May 18, 2017, by lzzeb
Chinese finance comes to London
Sarah Hall blogs about her latest research that examines how and why new forms of Chinese finance are becoming increasingly important within London’s financial district.
One of the most significant changes currently occurring within the international financial system is the growing internationalisation of money and finance from China. This reflects broader arguments that power in the global economy is shifting eastwards, away from North America and Europe. As a result the twenty first century is often labelled the ‘Chinese century’.
It is hard to underestimate the speed, scale and scope of Chinese financial internationalisation within this. In the early 2000s, the Chinese currency, the Renminbi (RMB) had virtually no international influence because prior to 2004, trading denominated in RMB was not allowed outside of China. Following the opening up of the Chinese economy, demonstrated most clearly by China’s entry into the World Trade Organisation in 2001, China has subsequently initiated a series of policy changes that have increased the use of its currency globally. Indeed, figures show that the RMB has risen to become the fifth most used currency for international payments.
Understanding how the internationalisation of theh RMB has occurred is a resolutely geographical question because it has taken place through a distinctive spatial formation. China has initiated a series of offshore RMB centre beyond mainland China to facilitate its currency internationalisation. Whilst Hong Kong and Singapore were the first such centres, London’s financial district has developed to become the first and leading western offshore RMB centre.
Since early 2015, I have been undertaking a research fellowship funded by the British Academy to reveal how and why London has assumed this position. I was fortunate to be able to build on this research with a period of dedicated research time from the School of Geography at the end of 2016. As part of this research I have been fortunate enough to travel to Beijing in order to conduct research interviews with Chinese financiers and policymakers based there as well as make new research collaborations with geography colleagues there. I have also undertaken a series of interviews with Chinese financiers working in London. I am very grateful for the time these individuals have given up to share with me their fascinating stories of how they ended up working in London and their future career aspirations.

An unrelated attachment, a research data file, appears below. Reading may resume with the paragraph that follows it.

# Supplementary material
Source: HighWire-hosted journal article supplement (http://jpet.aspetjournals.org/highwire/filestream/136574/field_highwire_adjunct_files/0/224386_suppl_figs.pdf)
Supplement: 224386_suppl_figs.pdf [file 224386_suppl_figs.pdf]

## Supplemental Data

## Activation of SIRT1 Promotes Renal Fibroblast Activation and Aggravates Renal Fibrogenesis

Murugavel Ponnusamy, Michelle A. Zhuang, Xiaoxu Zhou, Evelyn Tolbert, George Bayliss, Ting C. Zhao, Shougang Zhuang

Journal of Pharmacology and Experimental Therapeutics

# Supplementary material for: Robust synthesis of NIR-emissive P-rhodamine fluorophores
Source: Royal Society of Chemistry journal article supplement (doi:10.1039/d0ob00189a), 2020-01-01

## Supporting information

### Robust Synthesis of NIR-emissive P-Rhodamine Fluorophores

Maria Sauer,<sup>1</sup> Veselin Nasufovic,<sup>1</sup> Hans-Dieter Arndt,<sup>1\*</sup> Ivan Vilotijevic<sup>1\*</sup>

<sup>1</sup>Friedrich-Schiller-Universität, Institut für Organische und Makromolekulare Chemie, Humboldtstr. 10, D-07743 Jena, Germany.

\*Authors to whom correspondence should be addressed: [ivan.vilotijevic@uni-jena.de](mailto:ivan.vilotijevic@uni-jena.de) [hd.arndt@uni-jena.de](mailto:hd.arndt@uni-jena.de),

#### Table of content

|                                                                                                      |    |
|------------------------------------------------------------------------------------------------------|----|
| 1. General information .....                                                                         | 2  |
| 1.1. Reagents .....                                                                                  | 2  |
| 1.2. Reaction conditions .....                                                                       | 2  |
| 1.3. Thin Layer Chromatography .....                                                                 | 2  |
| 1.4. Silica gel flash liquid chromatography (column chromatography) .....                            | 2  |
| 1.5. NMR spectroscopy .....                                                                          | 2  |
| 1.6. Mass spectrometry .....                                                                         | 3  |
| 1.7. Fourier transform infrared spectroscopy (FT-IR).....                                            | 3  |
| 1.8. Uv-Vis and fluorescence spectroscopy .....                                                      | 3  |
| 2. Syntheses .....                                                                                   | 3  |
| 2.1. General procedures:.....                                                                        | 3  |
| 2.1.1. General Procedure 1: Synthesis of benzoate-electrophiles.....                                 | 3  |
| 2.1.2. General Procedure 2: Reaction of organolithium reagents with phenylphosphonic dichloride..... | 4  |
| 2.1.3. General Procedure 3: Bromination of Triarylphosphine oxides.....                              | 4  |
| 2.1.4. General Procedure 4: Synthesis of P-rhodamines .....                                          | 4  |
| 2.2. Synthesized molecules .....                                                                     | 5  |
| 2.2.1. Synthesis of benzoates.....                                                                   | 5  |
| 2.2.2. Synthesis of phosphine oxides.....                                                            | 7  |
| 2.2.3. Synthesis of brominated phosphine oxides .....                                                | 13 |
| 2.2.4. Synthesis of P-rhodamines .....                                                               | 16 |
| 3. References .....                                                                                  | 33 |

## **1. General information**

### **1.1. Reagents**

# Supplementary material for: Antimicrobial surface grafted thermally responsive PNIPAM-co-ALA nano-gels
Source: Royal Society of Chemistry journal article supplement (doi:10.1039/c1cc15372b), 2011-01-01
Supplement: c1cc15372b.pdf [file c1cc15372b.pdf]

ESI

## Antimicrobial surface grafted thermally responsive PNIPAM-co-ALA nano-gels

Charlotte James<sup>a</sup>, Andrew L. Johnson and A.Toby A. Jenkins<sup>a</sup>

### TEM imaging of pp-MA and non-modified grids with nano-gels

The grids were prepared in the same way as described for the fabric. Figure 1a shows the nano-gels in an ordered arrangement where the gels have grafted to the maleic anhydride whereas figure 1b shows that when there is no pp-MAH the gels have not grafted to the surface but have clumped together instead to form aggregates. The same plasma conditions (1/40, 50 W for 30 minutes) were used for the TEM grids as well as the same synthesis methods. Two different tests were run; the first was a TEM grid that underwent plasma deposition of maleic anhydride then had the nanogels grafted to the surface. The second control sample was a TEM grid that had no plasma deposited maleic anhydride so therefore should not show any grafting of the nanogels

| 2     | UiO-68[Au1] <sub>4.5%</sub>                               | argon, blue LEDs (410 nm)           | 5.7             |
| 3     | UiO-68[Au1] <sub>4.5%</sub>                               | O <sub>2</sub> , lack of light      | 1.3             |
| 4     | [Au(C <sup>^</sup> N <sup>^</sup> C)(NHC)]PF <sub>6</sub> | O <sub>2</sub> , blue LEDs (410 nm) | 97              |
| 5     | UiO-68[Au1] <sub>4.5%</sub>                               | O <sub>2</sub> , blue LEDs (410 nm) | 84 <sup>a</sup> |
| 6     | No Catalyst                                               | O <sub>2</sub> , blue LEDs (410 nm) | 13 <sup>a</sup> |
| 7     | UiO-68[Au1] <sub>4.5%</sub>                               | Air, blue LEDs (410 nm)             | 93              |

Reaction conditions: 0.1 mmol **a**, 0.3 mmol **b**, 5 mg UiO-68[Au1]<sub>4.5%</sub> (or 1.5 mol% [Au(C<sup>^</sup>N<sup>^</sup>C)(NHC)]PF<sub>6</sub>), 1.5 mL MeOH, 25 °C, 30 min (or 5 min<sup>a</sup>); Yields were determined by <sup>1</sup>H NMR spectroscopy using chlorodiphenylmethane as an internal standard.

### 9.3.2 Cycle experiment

I’m currently using these research findings to write a series of academic papers and a new book that argues that political relations, as well as more frequently studied economic relations, between London and China are central in explaining the development of London as an offshore RMB centre. In 2017, I’m looking forward to sharing this research with students in the School of Geography through my teaching on the third year Geographies of Money and finance module as well as getting feedback from my academic colleagues at international conferences in the US and Europe.